Mack Collier, writing at BeyondMadisonAvenue has declared the UpYourBudget blog blitz the “campaign of the year:”
But there’s another reason to sing the praises of Budget’s campaign. And we see it everyday.
Many advertisers portray their customers as idiots. The examples come to our mind early and often. Maybe it’s the guy that gets stuck/locked in an air vent chasing a credit card bill. Or maybe it’s the father that tells his family to call him on their cell phones, then realizes that no one in the family actually has a cell phone. Kodak engaging in assvertising? The fat idiot in the Capital One commercials that never can figure out that ‘the answer’s always NO’?
Budget’s Up Your Budget campaign was so significant because it totally reversed this trend. Budget made their customers partners in spreading their message. Basically, they told bloggers “Here’s what we are doing, here’s why we think you should care. If you agree that what we are doing is interesting, please help spread our message.”
What Budget did, in a year where many companies told their customers that they were too stupid to realize that they thought of them as idiots, was tell their customers that they looked at them as equals. And furthermore, were going to trust them to help spread their message for their company.
Congratulations to BL Ochman and Komra Moriko who conceived the campaign. And congratulations to the couple of hundred blogads sellers who provided the commercial platform that made the campaign such a success.
More background on the campaign here and here and here.
Mack put it well. Smart advertisers understand blog readers as actors rather than audience.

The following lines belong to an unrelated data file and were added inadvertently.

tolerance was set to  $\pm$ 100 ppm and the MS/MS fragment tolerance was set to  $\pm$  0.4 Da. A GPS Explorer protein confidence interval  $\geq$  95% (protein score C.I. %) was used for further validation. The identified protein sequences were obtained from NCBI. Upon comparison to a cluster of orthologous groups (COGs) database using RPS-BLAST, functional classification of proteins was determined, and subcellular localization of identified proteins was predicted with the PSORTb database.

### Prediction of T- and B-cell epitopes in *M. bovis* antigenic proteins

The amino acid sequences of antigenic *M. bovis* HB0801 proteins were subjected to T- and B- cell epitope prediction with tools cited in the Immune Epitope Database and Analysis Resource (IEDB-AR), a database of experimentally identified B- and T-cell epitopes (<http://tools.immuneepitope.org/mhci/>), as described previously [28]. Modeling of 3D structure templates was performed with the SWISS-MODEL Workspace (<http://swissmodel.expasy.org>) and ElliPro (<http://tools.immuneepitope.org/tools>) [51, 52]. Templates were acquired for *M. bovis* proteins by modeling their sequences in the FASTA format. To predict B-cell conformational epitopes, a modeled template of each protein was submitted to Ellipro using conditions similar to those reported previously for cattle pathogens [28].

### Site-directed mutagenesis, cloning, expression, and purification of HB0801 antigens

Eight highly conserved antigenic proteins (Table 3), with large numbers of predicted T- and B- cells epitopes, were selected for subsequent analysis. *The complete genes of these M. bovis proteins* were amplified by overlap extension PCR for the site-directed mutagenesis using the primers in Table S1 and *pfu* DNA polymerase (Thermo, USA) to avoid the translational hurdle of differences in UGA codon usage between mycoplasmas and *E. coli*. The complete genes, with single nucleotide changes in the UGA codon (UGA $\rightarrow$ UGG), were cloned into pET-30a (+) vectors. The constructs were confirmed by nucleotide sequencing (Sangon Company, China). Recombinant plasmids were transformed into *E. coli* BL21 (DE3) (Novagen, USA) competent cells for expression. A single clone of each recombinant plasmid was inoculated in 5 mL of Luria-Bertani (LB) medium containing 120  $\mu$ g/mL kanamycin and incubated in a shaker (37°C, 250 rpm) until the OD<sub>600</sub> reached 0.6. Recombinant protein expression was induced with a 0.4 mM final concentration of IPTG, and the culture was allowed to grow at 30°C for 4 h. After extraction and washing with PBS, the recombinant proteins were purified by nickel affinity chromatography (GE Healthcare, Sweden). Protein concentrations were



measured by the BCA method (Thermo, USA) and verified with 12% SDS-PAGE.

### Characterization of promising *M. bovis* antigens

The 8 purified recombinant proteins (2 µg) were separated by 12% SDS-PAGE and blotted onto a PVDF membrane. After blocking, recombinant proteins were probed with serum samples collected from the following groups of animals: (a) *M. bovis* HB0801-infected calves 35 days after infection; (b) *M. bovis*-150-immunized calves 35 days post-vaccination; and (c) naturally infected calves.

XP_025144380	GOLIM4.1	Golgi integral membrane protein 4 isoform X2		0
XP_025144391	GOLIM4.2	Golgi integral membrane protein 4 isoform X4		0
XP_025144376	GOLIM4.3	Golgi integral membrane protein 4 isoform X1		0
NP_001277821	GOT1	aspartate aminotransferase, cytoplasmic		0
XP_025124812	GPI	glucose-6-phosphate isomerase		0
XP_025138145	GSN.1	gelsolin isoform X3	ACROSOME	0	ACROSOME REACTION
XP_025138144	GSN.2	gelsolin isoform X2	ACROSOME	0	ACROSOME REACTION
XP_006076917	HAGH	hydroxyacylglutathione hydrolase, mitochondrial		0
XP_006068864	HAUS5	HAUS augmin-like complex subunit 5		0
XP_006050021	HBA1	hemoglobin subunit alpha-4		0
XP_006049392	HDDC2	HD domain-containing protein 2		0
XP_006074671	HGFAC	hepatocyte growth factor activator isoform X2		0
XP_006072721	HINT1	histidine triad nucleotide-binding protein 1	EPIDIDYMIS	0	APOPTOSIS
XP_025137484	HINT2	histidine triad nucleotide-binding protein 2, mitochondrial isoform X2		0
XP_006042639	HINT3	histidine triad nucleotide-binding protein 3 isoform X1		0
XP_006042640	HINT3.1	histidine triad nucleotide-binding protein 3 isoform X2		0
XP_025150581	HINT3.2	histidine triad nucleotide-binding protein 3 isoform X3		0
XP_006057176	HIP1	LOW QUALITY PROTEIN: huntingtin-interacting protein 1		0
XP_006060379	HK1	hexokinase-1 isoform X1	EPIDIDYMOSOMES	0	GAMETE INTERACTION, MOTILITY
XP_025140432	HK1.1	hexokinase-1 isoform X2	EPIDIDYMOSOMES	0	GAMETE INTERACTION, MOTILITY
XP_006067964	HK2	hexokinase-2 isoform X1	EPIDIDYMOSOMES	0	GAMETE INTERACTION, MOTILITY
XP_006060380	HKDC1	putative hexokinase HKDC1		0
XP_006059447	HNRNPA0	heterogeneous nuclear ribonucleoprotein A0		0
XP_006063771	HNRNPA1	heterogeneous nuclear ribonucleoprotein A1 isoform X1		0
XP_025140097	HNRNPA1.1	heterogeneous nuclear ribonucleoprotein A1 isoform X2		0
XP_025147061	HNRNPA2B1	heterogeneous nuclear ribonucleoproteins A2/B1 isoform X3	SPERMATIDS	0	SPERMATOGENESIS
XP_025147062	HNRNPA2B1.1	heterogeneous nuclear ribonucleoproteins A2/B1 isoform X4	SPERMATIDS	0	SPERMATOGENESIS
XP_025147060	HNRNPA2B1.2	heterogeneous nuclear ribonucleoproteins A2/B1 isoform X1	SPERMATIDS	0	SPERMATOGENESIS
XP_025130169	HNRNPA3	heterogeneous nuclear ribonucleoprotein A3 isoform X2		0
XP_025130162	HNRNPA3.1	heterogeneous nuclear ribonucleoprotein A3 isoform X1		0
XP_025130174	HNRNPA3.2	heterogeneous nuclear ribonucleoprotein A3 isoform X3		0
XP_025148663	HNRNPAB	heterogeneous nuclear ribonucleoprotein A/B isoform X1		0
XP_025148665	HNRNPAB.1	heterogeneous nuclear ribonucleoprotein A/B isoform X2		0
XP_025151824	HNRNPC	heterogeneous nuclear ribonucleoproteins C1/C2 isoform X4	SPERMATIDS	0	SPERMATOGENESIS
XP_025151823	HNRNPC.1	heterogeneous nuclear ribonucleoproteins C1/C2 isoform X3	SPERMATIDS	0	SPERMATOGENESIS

The industry is slowly evolving. Most of the best blogad campaigns, like UpyourBudget, have at least one blogger involved in the process, either as the buyer or the creator or the designer. (For example, this was also the case with the award winning Audi A3 blogad campaign, quaterbacked by blogger Brian Clark.) We’ll see more and more of these “blogger conceived” blogads as blogging grows, as bloggers advance in their organizations AND as the folks who are doing cutting edge work today get recognized and recruited into more campaigns. These are the folks who see the new dimension of the “actors not audience” paradigm shift — everyone else doesn’t yet really have the intellectual or emotional vocabulary to really understand what’s happening.
The tradititional advertising model — and the publishing industry it piggybacks — treated readers/consumers as passive recipients of information. Like blogging, UpyourBudget treats the public as participants, as co-conspirators, as actors not audience.
Advertising on TV or print or radio has always been a one-way street. Unfortunately, the “we talk you listen” mentality still rules online, where it’s even more embarrassingly threadbare compared to the riches of the giant, rich social fabric being spun out hourly. Sadly, though called “interactive” today’s online advertising offers little more real interaction than the 70s video-game Pong. It’s all pretty mechanical and two dimensional.
Advertisers still view online communities almost exclusively as mere buckets of eyeballs. But as people grow more adept in their online avatars (whether blog or game identities), social networks are mutating and multiplying. To keep pace, online advertising excellence will depend on a company’s willingness to catalyze, engage and/or harmonize with online social networks.
I’m also thinking about places like Threadless, where the community seamlessly creates the product, and Myspace, where the community forms around products, and Craigslist, where the community inhabits the product and vice versa. These communities have formed organically. They do NOT prove the success of communal marketing because there are far more failures in the same spaces than successes. (On the contrary, they are the exceptions that prove the rule that most communities fail to flourish; for every 1 New York City, there are 100 Syracuses and 10,000 Nyacks.)
More thoughts on this to come…